Second, if we continue to want to use the slogan “We’re not the only Christians, but Christians only,” we would be wise to determine exactly what we want to convey with it. The late Robert Fife, a cherished teacher of mine, did this magnificently in his essay “Not the Only Christians.” If the spirit of Christian graciousness and humility does not underlie our slogans, if we fail to acknowledge that God’s grace is poured out beyond “our fold,” then our message falls flat, no matter our best intentions for instating New Testament Christianity. Furthermore, if we are going to claim we are “Christians only,” we had better be quite clear we are not saying we alone have remained “unscathed,” that we alone have no “baggage” of theological or even cultural biases, that we alone have at last discerned the meaning of New Testament Christianity and put it into practice. We dare not slide into insinuating that we are the “only Christians only.”
On the other hand, we also want to avoid the impression that we have nothing whatsoever distinctive in our aspiration to be “Christians only.” Although we cannot and should not claim, as have some in the Stone-Campbell Movement in the past, that we belong to some sort of “pure” apostolic lineage (which is the height of a sectarian spirit), many of those things close to the heart of this movement continue to be worthy of faithful witness. Important examples include the immersion of believers as simulating death, burial, and resurrection with Christ; the devotion to regular celebration of the Lord’s Supper where Christ himself is our host; the commitment to return habitually to the authoritative scriptural resources of Christian faith and practice; or the conviction that the church is by its very nature a missional body. Already these are things that have wide appeal and embrace beyond the Stone-Campbell churches.
Finally, our forerunners on the 19th-century frontier would surely have agreed that no one is converted by or to mere slogans. Identifying with a slogan can never substitute for entrusting our lives to Jesus Christ and cultivating the “mind of Christ” (1 Corinthians 2:16; Philippians 2:5) in our relationships with fellow Christians. Being “Christians only” is not about being correct on every point of doctrine and practice, though doctrine and practice are still vitally important; it’s about discipleship in the context of the church, in the community of fellow believers who encourage us as we too encourage them in spiritual growth. It means that we can learn things from “Christians only” outside the Stone-Campbell tradition, people of transparent and bold faith like 95-year-old Billy Graham or the late Corrie Ten Boom, a woman of impeccable Christian courage during the Holocaust.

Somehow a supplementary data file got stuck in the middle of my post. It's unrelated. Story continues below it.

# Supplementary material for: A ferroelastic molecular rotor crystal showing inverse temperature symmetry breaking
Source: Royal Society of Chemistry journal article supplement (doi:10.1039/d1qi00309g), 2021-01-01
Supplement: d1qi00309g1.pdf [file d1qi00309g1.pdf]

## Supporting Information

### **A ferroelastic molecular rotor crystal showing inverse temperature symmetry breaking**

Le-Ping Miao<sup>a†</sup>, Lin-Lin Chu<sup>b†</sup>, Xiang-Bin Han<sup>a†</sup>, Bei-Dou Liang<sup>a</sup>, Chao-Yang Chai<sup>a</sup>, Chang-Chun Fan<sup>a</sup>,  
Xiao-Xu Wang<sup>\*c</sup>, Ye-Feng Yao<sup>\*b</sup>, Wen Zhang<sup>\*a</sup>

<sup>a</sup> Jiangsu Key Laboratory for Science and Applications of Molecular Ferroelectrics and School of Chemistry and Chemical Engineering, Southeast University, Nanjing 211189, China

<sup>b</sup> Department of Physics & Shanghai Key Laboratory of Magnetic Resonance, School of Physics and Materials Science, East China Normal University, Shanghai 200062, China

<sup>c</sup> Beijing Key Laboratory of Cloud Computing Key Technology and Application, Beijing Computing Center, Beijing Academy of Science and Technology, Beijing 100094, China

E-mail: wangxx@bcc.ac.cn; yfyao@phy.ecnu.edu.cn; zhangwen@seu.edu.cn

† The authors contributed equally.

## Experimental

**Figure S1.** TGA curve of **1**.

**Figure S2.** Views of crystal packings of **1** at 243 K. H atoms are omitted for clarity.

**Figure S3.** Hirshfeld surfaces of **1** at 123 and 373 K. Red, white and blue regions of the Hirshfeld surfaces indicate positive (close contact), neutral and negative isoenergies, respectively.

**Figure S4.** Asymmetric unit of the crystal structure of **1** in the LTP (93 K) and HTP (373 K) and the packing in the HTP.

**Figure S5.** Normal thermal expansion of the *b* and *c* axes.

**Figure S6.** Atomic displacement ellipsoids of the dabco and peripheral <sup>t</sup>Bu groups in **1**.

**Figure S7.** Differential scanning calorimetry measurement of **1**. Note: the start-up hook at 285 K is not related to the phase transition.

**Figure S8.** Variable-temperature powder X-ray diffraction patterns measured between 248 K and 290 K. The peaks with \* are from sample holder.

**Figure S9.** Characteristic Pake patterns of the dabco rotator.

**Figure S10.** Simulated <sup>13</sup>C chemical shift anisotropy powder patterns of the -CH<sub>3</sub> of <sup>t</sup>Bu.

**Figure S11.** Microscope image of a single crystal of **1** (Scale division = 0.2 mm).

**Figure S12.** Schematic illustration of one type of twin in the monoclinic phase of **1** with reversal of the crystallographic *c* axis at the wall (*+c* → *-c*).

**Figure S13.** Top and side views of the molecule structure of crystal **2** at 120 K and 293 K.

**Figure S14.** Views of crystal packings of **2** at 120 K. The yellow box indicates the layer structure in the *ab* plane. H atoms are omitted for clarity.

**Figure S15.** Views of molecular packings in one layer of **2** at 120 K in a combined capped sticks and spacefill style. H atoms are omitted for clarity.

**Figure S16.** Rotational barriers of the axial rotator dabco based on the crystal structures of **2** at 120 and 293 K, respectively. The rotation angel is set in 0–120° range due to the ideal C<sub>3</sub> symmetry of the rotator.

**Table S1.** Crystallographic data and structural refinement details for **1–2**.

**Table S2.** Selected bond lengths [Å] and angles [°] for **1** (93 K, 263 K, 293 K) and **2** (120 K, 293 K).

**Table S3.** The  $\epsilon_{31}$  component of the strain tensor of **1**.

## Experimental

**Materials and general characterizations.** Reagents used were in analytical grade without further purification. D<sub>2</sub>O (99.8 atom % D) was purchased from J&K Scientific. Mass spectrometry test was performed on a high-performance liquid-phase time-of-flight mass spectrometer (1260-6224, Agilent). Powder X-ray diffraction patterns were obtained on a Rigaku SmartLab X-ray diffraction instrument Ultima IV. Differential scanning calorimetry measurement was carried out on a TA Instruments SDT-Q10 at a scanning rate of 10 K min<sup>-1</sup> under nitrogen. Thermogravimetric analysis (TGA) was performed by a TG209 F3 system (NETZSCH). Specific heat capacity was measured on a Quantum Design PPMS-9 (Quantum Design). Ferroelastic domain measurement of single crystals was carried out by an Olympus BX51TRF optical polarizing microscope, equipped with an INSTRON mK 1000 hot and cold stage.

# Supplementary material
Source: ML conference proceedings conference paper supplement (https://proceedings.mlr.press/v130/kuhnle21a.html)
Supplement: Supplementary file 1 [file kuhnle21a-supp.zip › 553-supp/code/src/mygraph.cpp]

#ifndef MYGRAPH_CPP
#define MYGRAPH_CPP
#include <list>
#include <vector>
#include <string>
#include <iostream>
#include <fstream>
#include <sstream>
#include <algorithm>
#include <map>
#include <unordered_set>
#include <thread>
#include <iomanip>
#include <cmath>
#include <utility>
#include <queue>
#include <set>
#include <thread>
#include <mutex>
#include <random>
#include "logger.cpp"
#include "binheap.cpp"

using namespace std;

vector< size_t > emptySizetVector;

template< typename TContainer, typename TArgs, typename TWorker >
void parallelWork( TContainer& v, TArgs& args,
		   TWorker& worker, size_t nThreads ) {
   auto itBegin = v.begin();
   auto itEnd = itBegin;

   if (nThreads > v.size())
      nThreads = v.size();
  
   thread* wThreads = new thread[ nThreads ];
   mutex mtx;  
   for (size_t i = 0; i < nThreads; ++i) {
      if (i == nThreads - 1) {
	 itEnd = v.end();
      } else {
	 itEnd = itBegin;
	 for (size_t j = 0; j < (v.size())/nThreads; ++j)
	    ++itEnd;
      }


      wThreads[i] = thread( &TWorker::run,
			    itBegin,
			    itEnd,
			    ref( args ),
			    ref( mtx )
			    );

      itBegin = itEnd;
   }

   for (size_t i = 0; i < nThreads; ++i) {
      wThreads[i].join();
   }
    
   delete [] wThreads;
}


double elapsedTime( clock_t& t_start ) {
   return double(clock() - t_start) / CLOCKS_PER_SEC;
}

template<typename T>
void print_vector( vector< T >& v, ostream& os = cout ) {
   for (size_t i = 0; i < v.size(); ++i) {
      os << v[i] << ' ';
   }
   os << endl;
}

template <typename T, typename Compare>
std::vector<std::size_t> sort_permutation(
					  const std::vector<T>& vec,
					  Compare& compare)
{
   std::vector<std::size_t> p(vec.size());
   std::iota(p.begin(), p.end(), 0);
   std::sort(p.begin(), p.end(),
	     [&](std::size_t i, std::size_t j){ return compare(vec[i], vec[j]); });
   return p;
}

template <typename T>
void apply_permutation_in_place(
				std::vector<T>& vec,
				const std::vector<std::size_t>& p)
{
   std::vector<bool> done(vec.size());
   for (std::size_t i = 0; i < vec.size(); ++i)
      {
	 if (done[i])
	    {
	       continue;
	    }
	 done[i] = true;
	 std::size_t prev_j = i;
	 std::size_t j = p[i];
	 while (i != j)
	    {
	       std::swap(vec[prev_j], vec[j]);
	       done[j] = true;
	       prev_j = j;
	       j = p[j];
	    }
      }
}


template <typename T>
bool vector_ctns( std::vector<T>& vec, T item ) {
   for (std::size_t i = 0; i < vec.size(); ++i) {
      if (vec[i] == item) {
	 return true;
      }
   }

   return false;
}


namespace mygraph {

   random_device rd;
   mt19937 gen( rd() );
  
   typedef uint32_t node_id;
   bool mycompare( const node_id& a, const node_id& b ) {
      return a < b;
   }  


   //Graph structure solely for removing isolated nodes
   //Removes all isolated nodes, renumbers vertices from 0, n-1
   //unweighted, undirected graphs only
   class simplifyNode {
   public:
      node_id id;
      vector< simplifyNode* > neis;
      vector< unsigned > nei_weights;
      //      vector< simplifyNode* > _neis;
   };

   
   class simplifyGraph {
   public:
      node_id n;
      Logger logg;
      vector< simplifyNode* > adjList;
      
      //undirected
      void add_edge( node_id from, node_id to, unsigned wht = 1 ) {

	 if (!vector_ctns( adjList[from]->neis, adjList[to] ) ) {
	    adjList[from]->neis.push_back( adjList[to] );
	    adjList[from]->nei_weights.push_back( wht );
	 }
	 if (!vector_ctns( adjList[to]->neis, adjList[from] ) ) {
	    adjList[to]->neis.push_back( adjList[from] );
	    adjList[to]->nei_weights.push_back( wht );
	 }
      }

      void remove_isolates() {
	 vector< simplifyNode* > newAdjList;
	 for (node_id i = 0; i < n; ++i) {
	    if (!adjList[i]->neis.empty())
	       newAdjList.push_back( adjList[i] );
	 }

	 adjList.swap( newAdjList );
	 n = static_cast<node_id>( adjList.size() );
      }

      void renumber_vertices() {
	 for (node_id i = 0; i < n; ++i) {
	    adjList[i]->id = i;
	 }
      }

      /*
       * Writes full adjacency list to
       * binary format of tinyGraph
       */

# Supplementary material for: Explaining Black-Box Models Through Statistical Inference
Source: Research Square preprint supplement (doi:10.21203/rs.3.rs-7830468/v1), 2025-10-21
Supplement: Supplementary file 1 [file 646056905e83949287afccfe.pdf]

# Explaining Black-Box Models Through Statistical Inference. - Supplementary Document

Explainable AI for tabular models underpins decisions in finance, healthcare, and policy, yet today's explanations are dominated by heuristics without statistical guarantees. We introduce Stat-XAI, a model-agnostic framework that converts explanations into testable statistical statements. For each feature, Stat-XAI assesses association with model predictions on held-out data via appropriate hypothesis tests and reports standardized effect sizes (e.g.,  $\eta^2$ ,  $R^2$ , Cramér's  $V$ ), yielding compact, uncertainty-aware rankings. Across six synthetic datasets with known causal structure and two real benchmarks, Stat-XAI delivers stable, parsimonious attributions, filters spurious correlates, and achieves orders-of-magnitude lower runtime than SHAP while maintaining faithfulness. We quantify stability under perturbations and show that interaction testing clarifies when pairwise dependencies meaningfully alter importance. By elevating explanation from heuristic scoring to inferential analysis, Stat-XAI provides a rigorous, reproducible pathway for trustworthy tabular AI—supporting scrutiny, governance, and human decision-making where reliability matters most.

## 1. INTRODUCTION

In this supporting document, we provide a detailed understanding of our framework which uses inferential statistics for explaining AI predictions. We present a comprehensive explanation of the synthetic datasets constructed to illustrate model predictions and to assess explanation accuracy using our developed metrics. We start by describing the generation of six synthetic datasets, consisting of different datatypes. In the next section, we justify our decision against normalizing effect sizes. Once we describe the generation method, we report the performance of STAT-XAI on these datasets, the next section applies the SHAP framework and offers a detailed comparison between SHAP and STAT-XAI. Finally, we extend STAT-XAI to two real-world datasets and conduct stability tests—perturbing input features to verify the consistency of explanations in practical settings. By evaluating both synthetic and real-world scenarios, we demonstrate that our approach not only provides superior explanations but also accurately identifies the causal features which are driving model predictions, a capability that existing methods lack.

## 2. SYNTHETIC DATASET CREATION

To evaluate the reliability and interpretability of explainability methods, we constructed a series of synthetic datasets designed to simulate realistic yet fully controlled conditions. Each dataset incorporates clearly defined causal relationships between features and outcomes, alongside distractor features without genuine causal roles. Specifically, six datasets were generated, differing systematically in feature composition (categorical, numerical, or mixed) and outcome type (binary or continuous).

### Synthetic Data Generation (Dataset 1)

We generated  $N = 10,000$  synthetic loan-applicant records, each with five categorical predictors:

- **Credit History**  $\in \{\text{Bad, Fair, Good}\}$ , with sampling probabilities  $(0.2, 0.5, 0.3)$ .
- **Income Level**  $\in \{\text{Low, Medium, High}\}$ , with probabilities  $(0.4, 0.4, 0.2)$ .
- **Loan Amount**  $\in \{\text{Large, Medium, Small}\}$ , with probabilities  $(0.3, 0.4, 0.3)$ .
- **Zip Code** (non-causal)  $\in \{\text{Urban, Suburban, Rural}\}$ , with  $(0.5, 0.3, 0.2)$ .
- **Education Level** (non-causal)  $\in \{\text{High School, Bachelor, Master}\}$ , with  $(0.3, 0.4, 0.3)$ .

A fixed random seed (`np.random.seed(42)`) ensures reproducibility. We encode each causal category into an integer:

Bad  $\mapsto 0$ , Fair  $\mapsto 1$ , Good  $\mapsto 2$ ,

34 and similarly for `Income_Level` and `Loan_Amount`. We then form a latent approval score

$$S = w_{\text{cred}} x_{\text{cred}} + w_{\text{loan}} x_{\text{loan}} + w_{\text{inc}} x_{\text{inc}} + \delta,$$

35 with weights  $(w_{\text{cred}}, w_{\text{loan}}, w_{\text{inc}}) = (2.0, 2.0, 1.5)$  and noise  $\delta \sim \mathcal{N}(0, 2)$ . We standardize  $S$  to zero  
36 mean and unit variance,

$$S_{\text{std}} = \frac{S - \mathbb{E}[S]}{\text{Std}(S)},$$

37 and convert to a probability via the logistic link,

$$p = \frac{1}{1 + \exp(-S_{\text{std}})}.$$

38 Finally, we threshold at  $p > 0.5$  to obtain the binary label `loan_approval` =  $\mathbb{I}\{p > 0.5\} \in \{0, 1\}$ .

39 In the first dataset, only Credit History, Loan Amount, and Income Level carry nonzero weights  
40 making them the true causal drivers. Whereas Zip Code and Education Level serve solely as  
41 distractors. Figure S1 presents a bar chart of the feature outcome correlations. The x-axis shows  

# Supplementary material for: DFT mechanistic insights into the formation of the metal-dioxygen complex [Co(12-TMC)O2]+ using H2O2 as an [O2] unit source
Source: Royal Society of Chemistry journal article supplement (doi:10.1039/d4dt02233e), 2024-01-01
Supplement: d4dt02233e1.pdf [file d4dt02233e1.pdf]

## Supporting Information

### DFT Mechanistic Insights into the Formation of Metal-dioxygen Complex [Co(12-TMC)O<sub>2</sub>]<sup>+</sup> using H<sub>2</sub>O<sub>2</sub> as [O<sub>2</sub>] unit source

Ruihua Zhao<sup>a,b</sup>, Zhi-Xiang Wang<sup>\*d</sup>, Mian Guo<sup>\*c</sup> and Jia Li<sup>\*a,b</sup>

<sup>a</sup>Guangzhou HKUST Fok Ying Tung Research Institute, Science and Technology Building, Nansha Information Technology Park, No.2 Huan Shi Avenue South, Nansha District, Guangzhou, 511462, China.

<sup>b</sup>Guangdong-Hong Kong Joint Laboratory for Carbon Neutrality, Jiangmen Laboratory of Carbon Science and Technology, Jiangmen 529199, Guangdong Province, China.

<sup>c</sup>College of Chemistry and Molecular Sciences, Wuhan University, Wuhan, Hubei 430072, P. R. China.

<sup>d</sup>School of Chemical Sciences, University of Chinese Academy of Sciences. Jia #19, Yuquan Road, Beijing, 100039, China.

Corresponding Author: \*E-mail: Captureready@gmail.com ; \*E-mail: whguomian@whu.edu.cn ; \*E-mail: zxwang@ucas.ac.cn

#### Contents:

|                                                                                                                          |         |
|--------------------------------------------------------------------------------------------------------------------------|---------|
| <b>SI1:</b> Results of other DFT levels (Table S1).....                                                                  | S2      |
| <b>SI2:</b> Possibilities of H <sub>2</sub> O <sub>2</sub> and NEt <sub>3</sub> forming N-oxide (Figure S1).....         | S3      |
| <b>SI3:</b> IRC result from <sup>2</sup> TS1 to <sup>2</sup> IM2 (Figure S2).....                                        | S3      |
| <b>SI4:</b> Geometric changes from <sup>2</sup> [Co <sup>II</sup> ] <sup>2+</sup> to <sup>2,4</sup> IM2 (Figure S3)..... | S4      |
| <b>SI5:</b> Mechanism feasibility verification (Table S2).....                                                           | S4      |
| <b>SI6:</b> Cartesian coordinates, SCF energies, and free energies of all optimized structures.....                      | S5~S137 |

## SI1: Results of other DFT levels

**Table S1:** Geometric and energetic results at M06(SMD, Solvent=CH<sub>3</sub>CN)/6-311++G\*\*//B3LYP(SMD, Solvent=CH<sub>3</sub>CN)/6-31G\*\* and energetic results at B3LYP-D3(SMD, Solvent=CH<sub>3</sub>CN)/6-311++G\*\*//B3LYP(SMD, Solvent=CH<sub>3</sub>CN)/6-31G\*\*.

In the 1830s, when Alexander Campbell and Barton Stone debated the name they wanted their churches to adopt, Campbell questioned Stone’s insistence on the name “Christian” not because it was inappropriate but, among other reasons, because it was so hard to live up to. “Disciples” seemed for him the better name to signify humility as perpetual learners in the schoolroom of Christ. Regardless, any name means little if we fail to manifest the commitments and conviction that go with it. And without Christian character, without godly virtues, without a sacrificial spirit, without hearts broken for the world—again, without the “mind of Christ”—any expectations about being “Christians only” are sadly in vain.
Maybe we should consider altering our historic slogan a bit: “We’re not the only Christians, but through faith, hope, and love we are striving perpetually to become Christians only.” By grace we may yet share with other Christian sisters and brothers, at the end of time, in the beauty and wholeness of the perfected bride of Christ.
1Scripture quotations are from the English Standard Version.
2See Nathan Hatch, The Democratization of American Christianity (New Haven: Yale University Press, 1989).
3Robert D. Putnam and David E. Campbell, American Grace: How Religion Divides and Unites Us (New York: Simon & Schuster, 2010), p. 3.
Paul M. Blowers serves as Dean E. Walker professor of church history with Emmanuel Christian Seminary in Johnson City, Tennessee.